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Your retirement portfolio may be made up of a number of dividend-yielding securities. These may include dividend-paying stocks, mutual funds, exchange traded funds (ETFs) or real estate Investment trusts (REITs). For some investors, dividend investing is their primary plan for retirement income, while for others, dividend income may be just one part of their re tirement income strategy.
When focusing on dividend income, it’s important to understand what dividends are, and potential drawbacks if you plan to retire primarily on dividend income. Some investors are under the impression that dividend-paying stocks are safer than other categories of stocks. Some investors may believe that the payouts from dividend stocks are guaranteed. However, dividends are not guaranteed or a foolproof way to receive retirement income.
Stocks, mutual funds and ETFs are often classified according to style—growth vs. value. There are differences between these styles, and it is a good idea to be familiar with them before selecting investments.
Growth stocks are companies likely to offer greater capital appreciation potential by growing their earnings faster than average. Value stocks are those that may be viewed as underpriced and have potential for price appreciation when the market reconsiders their value. Over time stock categories go through periods of outperformance and underperformance. One class or style isn’t necessarily superior to others for all time.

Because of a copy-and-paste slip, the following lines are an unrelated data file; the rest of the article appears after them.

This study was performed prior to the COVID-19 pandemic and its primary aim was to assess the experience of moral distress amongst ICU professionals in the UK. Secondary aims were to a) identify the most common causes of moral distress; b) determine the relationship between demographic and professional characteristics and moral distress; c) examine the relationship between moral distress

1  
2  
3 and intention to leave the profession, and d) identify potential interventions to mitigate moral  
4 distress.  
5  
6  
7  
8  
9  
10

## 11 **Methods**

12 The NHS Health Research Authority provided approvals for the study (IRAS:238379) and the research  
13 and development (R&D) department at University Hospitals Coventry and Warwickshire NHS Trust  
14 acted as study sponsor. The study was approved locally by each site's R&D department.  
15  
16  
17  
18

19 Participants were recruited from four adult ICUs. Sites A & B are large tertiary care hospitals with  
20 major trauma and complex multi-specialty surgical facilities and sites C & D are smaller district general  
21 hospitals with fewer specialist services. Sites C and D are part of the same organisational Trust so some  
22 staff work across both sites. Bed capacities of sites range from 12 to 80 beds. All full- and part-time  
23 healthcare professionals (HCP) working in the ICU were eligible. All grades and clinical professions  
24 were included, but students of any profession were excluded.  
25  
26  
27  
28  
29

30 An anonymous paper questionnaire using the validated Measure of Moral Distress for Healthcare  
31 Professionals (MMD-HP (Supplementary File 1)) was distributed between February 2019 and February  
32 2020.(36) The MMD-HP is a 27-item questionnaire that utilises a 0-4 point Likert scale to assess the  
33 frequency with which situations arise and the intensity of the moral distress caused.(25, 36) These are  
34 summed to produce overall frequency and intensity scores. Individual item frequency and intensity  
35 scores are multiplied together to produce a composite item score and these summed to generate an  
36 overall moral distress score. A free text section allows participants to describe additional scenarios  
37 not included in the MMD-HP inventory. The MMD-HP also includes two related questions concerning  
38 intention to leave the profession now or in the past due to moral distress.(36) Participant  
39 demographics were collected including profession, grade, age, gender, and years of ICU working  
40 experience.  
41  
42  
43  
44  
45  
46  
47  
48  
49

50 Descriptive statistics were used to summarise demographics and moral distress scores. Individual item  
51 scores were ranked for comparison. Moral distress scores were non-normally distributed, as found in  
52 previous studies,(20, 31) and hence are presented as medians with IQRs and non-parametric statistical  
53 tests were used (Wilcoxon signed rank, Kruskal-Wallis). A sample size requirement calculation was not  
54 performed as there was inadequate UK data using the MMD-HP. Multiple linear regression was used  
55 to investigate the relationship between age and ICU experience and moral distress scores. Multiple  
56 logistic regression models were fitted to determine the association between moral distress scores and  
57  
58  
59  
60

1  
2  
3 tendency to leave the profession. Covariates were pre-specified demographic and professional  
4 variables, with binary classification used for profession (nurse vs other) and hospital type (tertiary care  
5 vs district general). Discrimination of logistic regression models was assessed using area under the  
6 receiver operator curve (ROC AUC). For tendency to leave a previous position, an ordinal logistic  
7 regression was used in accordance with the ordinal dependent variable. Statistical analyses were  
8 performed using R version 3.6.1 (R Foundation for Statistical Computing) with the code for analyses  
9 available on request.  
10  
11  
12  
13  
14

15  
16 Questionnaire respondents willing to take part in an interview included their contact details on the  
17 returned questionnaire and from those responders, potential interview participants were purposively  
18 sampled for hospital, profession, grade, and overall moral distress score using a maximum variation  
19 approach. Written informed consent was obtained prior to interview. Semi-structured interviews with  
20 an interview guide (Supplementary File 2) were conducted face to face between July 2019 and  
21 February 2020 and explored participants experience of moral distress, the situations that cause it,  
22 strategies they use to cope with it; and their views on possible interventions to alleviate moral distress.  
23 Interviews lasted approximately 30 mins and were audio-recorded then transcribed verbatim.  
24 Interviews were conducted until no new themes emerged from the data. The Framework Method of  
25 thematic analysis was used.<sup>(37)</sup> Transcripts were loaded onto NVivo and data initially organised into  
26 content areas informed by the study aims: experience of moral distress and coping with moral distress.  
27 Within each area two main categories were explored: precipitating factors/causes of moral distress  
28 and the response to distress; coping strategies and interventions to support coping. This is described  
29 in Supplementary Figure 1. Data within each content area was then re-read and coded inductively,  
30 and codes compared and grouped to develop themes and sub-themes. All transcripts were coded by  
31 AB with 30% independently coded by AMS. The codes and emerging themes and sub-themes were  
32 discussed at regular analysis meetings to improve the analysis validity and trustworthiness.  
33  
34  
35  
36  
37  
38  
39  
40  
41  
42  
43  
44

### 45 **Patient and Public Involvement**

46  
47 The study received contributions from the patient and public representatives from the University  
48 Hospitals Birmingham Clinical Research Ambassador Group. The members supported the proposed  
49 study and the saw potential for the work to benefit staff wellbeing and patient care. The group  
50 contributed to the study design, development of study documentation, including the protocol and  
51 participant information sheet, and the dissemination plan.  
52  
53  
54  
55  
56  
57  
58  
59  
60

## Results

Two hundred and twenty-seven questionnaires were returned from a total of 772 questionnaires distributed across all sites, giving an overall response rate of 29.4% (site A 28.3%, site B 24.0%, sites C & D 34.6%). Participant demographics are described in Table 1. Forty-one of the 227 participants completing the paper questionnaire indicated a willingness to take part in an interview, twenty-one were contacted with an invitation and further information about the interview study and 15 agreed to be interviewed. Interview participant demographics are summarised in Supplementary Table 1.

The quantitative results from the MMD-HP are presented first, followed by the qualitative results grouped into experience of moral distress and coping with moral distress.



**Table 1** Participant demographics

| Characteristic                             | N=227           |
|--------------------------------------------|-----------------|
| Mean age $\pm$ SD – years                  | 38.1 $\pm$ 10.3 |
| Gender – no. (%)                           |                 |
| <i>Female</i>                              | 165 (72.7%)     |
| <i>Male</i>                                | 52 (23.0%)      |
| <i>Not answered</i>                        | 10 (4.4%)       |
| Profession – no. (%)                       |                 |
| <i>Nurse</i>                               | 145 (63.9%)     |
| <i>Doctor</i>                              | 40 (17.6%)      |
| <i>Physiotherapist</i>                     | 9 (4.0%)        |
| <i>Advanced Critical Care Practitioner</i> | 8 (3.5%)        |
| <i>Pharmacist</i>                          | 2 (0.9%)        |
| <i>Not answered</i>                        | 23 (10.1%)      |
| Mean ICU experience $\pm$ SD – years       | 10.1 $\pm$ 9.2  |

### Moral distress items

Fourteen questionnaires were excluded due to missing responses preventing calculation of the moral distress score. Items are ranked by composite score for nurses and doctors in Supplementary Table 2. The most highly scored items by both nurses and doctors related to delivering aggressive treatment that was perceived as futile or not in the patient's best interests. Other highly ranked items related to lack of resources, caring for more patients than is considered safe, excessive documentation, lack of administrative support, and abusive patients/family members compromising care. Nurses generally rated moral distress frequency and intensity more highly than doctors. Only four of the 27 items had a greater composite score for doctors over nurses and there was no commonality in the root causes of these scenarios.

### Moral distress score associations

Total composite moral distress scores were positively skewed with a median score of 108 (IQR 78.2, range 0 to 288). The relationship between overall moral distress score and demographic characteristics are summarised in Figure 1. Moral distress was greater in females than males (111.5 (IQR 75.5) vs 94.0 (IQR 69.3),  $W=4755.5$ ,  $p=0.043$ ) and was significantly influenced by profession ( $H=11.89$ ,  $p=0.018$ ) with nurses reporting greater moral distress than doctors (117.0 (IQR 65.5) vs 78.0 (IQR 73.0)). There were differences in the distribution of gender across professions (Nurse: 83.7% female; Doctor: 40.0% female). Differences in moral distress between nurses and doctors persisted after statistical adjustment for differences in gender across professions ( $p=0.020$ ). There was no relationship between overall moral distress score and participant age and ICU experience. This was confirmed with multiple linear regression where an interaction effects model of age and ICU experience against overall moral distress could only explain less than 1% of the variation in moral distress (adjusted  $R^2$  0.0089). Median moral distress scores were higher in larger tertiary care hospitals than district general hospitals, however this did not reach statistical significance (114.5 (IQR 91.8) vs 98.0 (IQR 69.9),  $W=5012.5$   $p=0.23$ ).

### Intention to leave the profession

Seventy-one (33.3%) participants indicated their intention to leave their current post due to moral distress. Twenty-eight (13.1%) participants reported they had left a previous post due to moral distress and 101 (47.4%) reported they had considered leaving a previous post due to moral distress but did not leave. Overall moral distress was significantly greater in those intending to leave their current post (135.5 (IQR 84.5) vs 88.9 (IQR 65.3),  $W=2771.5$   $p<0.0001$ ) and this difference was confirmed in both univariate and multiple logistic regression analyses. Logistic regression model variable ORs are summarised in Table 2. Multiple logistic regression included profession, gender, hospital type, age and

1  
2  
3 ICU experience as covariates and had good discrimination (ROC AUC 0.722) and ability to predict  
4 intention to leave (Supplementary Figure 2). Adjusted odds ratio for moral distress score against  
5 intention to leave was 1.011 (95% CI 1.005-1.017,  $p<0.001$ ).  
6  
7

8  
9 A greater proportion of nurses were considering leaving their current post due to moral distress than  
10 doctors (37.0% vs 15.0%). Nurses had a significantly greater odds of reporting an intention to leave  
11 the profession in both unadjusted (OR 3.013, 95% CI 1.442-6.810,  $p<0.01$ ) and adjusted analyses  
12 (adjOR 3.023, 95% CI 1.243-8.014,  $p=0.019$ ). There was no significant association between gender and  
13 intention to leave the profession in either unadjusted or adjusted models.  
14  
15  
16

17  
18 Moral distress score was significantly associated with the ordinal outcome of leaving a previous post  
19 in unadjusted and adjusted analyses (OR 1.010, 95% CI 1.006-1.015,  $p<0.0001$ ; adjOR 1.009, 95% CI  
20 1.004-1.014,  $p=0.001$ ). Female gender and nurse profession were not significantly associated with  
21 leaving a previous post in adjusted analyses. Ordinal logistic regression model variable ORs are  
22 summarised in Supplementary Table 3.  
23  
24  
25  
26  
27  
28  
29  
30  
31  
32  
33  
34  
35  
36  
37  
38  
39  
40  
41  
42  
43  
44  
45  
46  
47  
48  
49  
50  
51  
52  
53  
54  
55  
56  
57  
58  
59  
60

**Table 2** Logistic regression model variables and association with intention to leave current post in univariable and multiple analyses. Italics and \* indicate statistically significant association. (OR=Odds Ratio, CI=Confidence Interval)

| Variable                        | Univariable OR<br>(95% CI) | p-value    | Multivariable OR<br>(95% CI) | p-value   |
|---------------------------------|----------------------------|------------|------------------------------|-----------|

Which stocks are more likely to pay dividends? There is no hard-and-fast rule, but you are likely to see some overlap between high-dividend stocks and value stocks. High-dividend stocks also tend to be concentrated in certain sectors
Dividends are just one way for companies to share their profits with investors. Stocks can also provide return to shareholders in the following ways:
Some investors think of dividend payouts as guaranteed, safe or free. They aren’t. A company can reduce or eliminate the payouts at any time, which could be a risk for retirees who plan to rely solely or primarily on dividend income. Investors may also think a company that pays dividends to its shareholders is more likely to be healthy and profitable. That too may be an inaccurate assumption.
Investing in a dividend stock may seem like a buffer against volatility, since you could receive a payout even if the stock market is down. But keep in mind that when a company pays a dividend, the share price falls by about the amount of the dividend, all else being equal. This typically happens on the ex-dividend date. The general assumption is the stock price will drop by the dividend amount on that date, but that doesn’t always happen. Other factors that impact the stock price may come into play and cause the price to rise or fall.
Another potential misconception some dividend investors have is that dividend income is similar to interest. Both are technically income—that is how you report them on your tax returns. And there is nothing inherently wrong with either as a cash flow resource. The main difference is that interest is a return on principal whereas dividends are a return of principal.